ConCourt rules on President's powers regarding ministers

The Constitutional Court will rule whether the President should disclose the reasons for hiring and firing Ministers and Deputy Ministers. Courtesy #DStv403

JOHANNESBURG - The Constitutional Court has dismissed The Presidency's appeal against a case regarding the hiring and firing of cabinet ministers, saying the matter is now moot. 

WATCH: Ramaphosa announces changes to Cabinet

President Cyril Ramaphosa wanted the highest court in the land to provide clarity on whether he "is under a legal obligation to disclose reasons for and the record of the proceedings relating to the dismissal of ministers and deputy ministers".

It follows a 2017 North Gauteng High Court ruling, ordering that records of decisions made by the executive be made available if they are taken on review.

The court had ordered former President Jacob Zuma to disclose reasons for firing then Finance Minister, Pravin Gordhan and his deputy Mcebisi Jonas.

Shortly after the cabinet reshuffle, the Democratic Alliance launched an application to review and set aside Zuma's decision. The party also wanted the reasons for the dismissals made public.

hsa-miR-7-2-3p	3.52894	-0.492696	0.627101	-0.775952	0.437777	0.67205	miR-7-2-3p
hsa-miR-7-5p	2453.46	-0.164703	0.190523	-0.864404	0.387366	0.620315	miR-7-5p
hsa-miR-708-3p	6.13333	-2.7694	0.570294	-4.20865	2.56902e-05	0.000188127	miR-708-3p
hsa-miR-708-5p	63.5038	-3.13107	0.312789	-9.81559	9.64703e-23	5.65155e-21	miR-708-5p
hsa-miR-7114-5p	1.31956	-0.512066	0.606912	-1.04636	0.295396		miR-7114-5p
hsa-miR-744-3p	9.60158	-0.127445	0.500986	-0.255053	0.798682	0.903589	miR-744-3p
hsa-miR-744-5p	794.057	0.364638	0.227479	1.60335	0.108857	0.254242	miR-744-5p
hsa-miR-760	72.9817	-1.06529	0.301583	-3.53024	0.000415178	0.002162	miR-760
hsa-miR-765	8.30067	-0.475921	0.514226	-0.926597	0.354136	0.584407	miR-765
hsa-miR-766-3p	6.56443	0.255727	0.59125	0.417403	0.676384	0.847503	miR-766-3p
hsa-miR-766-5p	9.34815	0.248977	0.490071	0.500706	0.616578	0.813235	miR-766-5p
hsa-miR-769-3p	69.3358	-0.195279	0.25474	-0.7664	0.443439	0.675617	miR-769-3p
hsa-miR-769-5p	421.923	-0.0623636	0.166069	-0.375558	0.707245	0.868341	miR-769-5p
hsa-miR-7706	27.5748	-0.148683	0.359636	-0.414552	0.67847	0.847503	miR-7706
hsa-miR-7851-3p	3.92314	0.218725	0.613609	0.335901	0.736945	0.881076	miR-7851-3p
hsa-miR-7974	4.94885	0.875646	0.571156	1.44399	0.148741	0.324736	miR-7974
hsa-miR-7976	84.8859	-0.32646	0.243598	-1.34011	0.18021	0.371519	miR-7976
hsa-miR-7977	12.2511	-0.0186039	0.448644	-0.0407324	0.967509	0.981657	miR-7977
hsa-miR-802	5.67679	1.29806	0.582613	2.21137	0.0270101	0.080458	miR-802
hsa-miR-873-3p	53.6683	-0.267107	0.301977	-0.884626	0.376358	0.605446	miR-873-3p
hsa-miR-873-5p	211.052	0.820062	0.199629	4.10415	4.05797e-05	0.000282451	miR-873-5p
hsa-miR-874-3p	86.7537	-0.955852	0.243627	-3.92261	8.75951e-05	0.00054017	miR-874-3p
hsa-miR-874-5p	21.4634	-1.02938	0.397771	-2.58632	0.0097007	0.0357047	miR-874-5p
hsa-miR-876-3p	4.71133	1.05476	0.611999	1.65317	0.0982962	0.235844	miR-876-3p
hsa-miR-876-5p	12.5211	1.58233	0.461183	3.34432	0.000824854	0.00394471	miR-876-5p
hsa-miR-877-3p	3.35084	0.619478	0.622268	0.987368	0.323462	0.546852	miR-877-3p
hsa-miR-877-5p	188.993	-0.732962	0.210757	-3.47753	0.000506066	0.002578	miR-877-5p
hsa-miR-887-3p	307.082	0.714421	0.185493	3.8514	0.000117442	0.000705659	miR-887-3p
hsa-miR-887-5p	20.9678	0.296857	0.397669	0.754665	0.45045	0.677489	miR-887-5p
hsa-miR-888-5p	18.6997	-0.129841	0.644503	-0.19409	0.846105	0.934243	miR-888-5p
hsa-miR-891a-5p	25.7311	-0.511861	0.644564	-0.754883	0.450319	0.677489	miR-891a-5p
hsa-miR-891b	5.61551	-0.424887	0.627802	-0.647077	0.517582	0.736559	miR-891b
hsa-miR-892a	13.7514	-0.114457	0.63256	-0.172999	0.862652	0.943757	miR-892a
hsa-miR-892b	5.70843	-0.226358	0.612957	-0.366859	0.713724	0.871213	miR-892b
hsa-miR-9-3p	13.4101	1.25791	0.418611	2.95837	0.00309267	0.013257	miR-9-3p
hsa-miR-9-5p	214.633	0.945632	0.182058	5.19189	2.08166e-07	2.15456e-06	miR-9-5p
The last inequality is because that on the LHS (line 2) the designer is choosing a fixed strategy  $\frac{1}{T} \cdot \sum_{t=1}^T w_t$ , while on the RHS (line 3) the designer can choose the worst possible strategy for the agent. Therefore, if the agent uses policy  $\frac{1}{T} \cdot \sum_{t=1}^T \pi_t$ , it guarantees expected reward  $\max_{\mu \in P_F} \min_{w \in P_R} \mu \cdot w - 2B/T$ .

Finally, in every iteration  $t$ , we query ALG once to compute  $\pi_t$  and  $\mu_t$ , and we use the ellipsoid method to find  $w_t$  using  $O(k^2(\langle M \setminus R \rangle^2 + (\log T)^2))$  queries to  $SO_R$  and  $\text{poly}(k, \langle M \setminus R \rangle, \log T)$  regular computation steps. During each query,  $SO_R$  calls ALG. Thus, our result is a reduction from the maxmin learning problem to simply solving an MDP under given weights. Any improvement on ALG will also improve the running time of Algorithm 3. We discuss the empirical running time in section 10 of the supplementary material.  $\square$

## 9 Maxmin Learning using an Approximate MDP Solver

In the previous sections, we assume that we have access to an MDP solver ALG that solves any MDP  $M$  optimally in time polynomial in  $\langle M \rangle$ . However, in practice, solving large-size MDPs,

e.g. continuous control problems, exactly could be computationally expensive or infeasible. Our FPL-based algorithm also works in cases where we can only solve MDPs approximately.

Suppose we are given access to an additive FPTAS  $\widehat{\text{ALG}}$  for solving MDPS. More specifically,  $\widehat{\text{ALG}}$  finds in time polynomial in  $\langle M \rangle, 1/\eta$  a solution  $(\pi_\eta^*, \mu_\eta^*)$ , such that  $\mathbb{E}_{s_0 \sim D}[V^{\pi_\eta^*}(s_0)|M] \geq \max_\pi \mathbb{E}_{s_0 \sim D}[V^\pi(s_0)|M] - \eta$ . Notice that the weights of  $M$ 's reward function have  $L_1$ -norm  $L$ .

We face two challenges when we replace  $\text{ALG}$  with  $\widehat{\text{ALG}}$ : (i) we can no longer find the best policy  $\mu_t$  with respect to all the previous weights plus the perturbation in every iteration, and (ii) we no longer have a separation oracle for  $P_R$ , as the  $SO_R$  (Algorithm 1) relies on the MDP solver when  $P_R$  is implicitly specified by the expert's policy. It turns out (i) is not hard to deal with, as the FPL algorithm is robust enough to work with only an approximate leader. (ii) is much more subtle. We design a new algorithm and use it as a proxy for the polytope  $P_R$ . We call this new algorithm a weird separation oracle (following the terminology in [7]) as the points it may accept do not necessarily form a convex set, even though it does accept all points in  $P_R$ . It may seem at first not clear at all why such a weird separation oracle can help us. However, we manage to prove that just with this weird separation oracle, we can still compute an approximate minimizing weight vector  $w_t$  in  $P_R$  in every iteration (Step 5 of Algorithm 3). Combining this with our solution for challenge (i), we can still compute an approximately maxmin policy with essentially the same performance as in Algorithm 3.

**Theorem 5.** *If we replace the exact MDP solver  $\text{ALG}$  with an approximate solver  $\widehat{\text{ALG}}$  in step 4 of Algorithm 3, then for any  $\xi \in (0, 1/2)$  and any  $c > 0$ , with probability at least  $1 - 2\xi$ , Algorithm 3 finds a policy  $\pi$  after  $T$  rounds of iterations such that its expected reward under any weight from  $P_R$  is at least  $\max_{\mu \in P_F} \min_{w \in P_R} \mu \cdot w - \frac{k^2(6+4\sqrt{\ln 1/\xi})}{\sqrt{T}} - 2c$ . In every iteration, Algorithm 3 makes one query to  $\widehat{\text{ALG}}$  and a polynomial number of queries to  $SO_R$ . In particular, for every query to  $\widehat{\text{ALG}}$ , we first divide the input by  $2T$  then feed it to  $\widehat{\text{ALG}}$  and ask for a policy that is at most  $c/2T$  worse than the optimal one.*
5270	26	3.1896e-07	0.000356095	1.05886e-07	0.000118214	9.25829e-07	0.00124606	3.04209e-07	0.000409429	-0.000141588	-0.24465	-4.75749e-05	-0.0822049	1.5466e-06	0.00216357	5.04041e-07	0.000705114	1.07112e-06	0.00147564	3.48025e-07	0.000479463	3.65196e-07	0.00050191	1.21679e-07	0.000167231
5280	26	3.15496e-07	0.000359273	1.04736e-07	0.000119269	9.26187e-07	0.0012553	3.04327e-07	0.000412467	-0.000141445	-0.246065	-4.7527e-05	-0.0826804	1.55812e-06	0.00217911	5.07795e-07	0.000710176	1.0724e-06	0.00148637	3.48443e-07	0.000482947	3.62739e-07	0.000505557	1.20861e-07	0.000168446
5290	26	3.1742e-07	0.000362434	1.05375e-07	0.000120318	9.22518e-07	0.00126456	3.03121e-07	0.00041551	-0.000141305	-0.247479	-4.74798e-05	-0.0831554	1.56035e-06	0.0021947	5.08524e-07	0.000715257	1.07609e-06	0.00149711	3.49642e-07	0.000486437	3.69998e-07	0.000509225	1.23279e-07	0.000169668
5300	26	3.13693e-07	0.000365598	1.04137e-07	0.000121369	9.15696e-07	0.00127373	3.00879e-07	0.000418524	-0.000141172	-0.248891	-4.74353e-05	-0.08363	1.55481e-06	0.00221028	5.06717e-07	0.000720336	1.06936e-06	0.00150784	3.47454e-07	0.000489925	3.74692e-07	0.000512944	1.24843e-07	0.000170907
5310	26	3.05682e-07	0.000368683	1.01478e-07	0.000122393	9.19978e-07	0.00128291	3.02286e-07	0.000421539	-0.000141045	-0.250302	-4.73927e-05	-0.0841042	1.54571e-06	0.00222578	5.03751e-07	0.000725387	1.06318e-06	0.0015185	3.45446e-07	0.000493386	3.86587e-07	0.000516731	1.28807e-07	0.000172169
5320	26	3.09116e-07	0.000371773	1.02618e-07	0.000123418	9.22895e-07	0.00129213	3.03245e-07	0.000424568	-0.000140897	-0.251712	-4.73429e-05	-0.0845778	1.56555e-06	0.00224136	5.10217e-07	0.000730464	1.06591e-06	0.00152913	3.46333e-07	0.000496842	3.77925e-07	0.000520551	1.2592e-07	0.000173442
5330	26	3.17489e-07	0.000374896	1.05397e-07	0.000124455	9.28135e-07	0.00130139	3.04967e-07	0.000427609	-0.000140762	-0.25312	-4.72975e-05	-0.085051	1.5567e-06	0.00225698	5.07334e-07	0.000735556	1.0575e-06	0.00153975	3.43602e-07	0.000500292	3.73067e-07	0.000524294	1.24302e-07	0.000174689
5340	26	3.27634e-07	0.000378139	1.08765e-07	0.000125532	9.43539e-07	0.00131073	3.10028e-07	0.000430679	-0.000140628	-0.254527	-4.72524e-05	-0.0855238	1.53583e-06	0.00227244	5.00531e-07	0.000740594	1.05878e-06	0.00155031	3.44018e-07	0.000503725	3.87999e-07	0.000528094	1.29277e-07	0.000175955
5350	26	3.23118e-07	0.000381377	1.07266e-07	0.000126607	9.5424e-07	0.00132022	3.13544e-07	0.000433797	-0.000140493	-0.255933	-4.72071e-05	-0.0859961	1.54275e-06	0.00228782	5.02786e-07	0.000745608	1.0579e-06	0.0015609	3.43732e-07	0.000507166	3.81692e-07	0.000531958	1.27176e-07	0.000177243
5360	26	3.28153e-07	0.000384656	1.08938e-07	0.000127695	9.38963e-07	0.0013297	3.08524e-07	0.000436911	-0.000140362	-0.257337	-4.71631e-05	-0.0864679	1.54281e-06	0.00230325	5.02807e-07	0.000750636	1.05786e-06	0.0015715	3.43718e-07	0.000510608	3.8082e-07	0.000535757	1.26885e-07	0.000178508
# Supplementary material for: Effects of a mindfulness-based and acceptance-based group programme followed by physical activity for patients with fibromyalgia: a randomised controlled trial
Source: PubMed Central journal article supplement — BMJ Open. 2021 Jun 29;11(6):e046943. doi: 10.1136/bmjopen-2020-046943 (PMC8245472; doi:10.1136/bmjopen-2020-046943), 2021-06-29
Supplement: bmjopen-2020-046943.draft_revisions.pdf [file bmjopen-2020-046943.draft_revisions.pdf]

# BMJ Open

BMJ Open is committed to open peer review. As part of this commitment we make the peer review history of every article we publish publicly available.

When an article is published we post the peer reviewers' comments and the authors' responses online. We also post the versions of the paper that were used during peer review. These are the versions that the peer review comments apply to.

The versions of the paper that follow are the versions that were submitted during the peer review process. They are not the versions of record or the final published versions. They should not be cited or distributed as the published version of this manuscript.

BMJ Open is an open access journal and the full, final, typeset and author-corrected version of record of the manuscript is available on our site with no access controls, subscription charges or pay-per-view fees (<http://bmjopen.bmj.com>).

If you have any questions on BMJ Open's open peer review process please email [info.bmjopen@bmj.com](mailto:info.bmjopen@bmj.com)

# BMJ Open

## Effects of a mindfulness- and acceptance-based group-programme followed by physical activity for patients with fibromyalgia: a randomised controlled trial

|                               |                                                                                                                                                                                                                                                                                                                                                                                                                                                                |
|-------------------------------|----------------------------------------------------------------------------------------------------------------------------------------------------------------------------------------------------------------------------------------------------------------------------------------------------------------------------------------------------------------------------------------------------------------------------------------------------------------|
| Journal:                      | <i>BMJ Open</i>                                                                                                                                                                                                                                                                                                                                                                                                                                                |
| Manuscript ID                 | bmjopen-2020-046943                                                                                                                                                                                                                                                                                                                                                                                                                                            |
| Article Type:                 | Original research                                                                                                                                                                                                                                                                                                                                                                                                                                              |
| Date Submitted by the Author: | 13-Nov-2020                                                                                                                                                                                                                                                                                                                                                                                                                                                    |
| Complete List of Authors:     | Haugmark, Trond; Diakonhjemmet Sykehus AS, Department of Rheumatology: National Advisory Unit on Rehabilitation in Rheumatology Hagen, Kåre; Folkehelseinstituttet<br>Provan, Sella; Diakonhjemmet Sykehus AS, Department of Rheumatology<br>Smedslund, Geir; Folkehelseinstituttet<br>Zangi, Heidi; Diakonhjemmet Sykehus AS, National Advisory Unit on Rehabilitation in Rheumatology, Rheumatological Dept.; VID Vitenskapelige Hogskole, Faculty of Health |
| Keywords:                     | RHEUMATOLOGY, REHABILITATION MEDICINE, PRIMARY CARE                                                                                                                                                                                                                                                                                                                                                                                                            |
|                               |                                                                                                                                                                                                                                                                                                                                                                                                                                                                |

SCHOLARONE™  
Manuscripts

Zuma appealed the high court order with the Supreme Court of Appeal, but resigned before the matter was concluded, and the case was withdrawn from court. 

Zuma, however said the High Court had "extended the scope of rule 53 (of the Uniform Rules of Court) to executive actions which amounted to a usurpation of the powers of the Rules Board".

President Cyril Ramaphosa approached the Constitutional Court to get clarity on the court's ability to step in when he makes executive decisions.

On Wednesday, The Constitutional Court ruled that it is not in the interests of justice to grant leave to appeal (by the DA) because the matter was moot. 

The court however agreed that it is in the interests of justice to interpret rule 53 of the Uniform Rules of Court for guidance in future cases. 

"...a judgment of this court would have a practical effect on the president an any other party who wishes to review an executive decision.

"The second judgment further holds that this matter is of great importance to the public not only because it it involves a challenge to the appointment or dismissal from cabinet that governs the country, but also for the need to clarify procedural rights of a party who wishes to impugn these types of decisions".

The court said the interpretation of Rule 53 requires a look at the language of the rule, the context in which the rule appears, its purpose and material known to the Chief Justice in 1965 when the rules were made".

It said the rule does not apply to the review of decisions to appoint or dismiss ministers from cabinet.